On any given night in Santa Barbara County, an estimated 4,000 people are sleeping without a safe shelter.

They stand on corners with tattered cardboard signs silently shouting their need, and snatch some sleep in vehicles or vacant buildings, or beneath bridges and overpasses.

Homelessness is an issue that many are able to ignore, but there are a few people in the county who spend every day staring into the eyes of the men, women and children who have no home, and vowing to make a difference.

On Wednesday, those shelter managers, mental-health advocates, drug- and alcohol-abuse counselors and nonprofit organization directors met with community housing corporations to better understand each other’s roles in ending chronic homelessness, and celebrate the progress that has been made.

“We’ve never done this before, where we explain what each organization does, and what we need — what we have to work with,” said Sylvia Barnard, executive director of the Good Samaritan Shelter in Santa Maria and Lompoc.

She also is the leadership council co-chair of the countywide effort known as “Bringing Our Community Home: The Ten-Year Plan to End Chronic Homelessness.”

“This conference helped to keep the kernel, the light, the grail of housing in focus. People who are destitute, disabled and homeless have no hope. The medicine of housing is remarkable,” said Frank Ricceri, associate director of Transitions Mental Health Association, which recently completed Homebase on G in Lompoc, a 39-unit housing complex for mentally ill, homeless residents.

Transitions partnered with Santa Barbara Housing Assistance Corp. to fund and construct the new, affordable development that includes supportive services.

More than 150 people attended the conference held at the Buellton Marriott, and all appeared to take advantage of the unique networking opportunity.

Providers of homeless services, such as mental-health programs, alcohol and drug detox, and shelters, have noticed that their clients often don’t qualify for affordable housing, Barnard said.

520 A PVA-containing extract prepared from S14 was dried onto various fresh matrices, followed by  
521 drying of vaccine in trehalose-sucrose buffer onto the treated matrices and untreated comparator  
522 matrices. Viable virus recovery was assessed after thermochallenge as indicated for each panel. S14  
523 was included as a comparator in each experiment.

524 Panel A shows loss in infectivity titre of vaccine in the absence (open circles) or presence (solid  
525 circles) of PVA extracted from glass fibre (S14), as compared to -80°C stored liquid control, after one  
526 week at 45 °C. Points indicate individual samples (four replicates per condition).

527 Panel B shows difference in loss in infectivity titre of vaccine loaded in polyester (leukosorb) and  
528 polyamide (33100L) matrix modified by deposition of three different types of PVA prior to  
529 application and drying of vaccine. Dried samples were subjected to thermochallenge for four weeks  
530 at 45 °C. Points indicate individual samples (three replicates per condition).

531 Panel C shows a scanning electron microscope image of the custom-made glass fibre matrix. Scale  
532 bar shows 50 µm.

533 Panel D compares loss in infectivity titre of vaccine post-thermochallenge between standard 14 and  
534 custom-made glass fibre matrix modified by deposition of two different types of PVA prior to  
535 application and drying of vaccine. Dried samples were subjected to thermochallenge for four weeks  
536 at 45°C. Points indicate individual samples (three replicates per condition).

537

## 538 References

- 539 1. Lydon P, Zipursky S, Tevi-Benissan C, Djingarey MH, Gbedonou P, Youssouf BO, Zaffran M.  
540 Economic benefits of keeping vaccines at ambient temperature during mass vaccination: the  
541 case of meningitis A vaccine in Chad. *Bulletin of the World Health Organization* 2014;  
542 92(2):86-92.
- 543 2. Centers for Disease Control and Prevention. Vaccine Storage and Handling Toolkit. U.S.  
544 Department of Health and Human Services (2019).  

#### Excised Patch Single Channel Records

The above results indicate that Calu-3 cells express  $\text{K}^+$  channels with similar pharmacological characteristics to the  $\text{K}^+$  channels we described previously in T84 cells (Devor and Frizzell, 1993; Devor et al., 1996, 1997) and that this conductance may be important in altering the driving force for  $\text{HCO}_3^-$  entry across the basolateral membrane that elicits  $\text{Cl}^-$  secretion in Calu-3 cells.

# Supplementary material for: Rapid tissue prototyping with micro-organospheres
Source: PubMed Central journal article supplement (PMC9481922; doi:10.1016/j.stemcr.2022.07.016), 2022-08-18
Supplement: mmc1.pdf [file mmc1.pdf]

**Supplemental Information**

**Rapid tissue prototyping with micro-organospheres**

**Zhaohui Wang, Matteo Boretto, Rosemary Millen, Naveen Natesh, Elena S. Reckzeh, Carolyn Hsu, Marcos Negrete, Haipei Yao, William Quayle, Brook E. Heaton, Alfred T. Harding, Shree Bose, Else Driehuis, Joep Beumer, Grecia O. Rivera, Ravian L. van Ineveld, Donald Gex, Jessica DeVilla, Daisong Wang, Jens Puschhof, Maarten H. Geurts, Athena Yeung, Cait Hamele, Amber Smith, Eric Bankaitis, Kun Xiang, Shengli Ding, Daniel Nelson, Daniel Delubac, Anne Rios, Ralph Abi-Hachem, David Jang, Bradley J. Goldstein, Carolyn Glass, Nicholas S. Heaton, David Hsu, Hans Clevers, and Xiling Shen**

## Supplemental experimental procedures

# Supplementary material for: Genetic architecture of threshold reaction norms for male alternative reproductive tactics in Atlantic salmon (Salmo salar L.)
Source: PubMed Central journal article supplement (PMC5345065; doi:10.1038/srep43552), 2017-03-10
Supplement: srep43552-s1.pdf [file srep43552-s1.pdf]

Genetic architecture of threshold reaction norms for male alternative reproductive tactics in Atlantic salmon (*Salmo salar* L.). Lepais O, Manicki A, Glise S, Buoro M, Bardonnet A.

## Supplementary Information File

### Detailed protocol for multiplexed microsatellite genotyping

“They can’t have been convicted of a crime, or have any previous evictions, and they need good credit. That makes it hard for a lot of our shelter residents,” Barnard said.

Housing corporation representatives with the Santa Barbara Housing Assistance Corp. and the Housing Authority of Santa Barbara County (HASBC) explained that they often have to follow rules set by their public and private funding sources.

“Service providers are concerned with the individual, but we have to think of the housing complex as a whole, we can’t have one individual disrupting the rest of the residents,” said John Polanskey, director of housing development for HASBC.

“I think a lot of service providers thought our rules were arbitrary, but it depends on who funds us,” he added.

The conference consisted of about a dozen presentations on affordable-housing developments, and homeless programs and services, followed by some group discussion and collaboration among providers,

The education and increased understanding of everyone’s role in ending chronic homelessness and affordable housing was a precursor to a Bringing Our Community Home housing summit in October.

At that time, Barnard said, she hoped interested community members would attend along with the homeless service professionals to discuss chronic homeless solutions.

For more information on the conference, resources or the upcoming summit, visit www.bringsbcohome.org.

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